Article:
The Glycine Cleavage System in Brain Development, Function and Disease

Lead Research Organisation: University College London
Department Name: Institute of Child Health


We aim to understand how impaired function of the glycine decarboxylase (GLDC) protein leads to disorders of brain development and function. GLDC acts to break down a small molecule called glycine, allowing part of the molecule to enter a network of chemical reactions known as folate metabolism, which is needed in almost all cells for many different functions. Loss of GLDC activity, resulting for example from an inherited genetic mutation, leads to accumulation of excess glycine and to suppression of folate metabolism. Our goal is to understand how these changes lead to life-threatening brain diseases that arise both before and after birth. These disorders include common birth defects such as neural tube defects (NTDs) and congenital hydrocephalus, as well as the severe childhood disease Non-Ketotic Hyperglycinemia (NKH). Abnormal folate metabolism contributes to NTDs, hydrocephalus and NKH. Understanding causal links is also of broader relevance as folate metabolism is implicated in a range of other disorders (e.g. birth defects, cancers, and neurological disease), and may be altered by inherited genetic changes and other factors such as diet.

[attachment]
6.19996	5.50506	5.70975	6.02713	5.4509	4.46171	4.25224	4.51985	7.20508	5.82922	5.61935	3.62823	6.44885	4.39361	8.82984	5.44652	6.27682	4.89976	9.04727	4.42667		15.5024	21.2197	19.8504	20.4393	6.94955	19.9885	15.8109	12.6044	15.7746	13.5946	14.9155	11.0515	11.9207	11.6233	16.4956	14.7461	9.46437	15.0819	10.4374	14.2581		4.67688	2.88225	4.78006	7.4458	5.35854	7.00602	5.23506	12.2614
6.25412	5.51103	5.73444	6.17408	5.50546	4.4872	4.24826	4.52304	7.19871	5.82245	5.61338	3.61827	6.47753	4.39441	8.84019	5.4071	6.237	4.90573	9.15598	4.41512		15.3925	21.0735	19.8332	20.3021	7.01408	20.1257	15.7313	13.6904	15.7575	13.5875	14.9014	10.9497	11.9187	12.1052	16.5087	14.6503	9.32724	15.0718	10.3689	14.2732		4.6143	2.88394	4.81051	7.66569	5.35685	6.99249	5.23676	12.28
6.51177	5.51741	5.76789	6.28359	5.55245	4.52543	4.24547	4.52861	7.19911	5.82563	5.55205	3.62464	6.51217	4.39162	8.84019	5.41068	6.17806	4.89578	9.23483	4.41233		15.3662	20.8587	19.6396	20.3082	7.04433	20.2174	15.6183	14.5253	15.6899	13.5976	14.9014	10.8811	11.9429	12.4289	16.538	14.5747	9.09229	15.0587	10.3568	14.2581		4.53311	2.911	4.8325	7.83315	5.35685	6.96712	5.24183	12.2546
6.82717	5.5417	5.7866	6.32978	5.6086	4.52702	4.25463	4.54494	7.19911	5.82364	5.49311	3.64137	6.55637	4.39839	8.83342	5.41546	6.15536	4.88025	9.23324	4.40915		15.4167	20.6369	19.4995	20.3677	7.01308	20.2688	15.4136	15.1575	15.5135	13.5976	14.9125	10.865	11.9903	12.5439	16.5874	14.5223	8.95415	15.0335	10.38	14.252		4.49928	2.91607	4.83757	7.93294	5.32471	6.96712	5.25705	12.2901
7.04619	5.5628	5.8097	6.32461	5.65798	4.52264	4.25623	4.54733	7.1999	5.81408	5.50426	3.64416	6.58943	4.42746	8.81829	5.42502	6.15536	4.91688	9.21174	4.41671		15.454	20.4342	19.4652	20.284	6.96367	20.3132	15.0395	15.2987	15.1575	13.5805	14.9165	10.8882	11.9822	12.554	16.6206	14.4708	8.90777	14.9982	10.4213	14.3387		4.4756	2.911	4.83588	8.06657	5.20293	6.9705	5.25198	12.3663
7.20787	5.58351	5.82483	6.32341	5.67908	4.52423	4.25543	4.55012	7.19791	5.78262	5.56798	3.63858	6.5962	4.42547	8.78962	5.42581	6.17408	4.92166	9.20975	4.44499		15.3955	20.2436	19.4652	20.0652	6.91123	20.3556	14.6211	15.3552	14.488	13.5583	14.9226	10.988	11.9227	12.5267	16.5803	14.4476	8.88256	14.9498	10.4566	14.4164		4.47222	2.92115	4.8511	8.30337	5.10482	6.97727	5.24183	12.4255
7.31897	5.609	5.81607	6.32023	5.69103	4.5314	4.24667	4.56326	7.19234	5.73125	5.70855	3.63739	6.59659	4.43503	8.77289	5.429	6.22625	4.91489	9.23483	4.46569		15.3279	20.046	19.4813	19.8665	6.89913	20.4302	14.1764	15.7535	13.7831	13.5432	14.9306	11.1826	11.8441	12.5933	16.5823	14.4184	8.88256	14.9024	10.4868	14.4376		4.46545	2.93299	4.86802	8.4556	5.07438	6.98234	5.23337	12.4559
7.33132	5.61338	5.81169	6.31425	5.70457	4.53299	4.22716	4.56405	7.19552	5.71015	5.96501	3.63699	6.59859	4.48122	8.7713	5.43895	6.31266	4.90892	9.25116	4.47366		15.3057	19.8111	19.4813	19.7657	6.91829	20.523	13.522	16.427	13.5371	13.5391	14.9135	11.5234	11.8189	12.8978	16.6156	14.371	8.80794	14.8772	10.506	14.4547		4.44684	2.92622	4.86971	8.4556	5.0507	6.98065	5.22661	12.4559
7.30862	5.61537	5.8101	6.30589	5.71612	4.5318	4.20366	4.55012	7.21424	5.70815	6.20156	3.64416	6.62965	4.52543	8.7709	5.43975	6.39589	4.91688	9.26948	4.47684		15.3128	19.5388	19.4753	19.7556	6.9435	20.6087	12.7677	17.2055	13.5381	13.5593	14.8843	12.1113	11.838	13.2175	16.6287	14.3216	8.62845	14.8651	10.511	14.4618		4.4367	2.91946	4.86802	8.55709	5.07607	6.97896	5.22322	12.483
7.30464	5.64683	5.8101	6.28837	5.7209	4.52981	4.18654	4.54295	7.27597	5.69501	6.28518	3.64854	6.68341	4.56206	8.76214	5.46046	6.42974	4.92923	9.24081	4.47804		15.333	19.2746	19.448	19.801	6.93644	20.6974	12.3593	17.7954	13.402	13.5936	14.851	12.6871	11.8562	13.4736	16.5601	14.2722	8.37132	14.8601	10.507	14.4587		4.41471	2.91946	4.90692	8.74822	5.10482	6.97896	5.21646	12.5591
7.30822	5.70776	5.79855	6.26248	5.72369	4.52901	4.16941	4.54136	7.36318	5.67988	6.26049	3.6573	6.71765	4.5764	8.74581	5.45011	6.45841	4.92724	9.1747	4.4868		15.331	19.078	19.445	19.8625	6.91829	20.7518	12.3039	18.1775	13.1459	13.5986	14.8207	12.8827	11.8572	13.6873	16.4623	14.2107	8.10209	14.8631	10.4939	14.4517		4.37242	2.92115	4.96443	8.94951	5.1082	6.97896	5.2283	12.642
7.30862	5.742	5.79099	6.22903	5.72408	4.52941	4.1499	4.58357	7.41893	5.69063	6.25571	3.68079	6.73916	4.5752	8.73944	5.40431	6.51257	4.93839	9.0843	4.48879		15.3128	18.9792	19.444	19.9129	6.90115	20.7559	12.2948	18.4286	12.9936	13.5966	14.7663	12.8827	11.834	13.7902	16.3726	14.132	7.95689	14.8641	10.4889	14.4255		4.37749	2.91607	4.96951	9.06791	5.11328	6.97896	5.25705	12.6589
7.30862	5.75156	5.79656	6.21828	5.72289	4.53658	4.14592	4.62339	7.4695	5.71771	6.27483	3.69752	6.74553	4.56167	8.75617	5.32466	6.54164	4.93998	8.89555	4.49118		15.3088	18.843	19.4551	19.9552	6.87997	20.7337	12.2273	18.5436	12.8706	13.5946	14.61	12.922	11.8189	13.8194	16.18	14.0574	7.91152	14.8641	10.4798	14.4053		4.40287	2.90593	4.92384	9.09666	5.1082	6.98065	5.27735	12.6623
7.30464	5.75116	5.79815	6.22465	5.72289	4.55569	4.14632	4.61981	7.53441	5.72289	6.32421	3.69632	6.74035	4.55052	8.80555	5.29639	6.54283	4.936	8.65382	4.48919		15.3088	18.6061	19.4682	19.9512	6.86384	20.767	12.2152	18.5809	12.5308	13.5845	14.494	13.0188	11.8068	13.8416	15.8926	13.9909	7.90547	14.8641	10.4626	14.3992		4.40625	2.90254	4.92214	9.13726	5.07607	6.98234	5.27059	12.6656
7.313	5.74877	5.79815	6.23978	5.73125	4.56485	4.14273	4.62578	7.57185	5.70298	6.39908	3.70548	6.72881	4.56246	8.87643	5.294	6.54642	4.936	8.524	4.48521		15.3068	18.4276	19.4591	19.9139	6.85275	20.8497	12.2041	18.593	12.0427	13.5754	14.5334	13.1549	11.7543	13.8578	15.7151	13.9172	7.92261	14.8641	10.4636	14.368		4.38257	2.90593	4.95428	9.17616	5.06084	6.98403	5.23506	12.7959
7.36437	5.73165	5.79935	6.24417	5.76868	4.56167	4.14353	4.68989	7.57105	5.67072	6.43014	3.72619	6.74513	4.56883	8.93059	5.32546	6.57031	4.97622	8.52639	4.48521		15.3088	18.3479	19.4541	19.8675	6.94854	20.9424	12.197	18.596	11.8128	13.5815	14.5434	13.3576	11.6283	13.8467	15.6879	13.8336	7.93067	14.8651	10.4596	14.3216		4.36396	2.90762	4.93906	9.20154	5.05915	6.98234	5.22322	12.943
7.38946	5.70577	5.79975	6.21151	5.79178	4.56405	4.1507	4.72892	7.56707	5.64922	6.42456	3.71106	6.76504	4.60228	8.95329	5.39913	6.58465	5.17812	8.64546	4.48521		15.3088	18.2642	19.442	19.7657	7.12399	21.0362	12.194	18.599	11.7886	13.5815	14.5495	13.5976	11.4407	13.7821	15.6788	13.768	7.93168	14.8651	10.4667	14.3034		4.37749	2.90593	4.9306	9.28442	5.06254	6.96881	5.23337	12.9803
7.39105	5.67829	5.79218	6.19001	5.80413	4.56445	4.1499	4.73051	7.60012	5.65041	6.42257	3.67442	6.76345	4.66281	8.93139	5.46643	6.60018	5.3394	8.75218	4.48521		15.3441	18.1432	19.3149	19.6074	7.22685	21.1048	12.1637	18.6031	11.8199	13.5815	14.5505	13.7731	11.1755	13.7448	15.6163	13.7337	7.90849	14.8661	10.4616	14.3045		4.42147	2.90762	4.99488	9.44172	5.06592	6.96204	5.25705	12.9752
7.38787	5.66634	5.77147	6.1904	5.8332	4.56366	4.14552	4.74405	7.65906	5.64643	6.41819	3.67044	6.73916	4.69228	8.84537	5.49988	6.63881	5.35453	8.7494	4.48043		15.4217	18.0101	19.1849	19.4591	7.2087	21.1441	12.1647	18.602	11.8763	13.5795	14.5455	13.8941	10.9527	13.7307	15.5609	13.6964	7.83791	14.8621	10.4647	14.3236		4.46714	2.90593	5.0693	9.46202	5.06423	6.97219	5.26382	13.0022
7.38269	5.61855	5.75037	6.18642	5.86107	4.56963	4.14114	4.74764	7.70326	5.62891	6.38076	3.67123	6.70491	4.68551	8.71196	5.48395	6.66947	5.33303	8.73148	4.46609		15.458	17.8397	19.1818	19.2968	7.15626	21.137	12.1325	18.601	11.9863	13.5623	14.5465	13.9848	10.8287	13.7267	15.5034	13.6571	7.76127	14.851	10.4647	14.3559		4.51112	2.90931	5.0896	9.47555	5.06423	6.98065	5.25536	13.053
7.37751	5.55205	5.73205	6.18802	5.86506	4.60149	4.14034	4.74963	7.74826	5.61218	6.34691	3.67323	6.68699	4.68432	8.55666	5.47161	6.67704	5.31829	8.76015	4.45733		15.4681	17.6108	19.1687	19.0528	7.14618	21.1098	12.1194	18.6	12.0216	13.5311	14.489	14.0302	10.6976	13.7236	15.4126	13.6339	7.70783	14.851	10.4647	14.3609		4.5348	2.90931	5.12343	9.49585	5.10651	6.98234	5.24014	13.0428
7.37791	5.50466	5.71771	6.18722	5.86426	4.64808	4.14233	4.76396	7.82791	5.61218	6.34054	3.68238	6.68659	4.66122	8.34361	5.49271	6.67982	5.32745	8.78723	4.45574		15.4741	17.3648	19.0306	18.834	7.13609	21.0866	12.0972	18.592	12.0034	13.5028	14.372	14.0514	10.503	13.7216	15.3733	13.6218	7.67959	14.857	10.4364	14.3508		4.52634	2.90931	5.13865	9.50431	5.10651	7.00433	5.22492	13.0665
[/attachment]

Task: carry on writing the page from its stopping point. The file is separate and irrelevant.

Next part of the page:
NTDs occur in approximately 1-2 per 1,000 pregnancies, due to incomplete formation of the neural tube, which later develops into the brain and spinal cord. The brain and/or spinal cord of the fetus become irreversibly damaged, resulting in death around birth or long-term disability in surviving children. Because of the many possible contributory factors, the exact cause of NTDs in each individual is usually unknown. Working out how GLDC defects cause NTDs provides an opportunity to gain a better understanding of the link between folate metabolism and NTDs.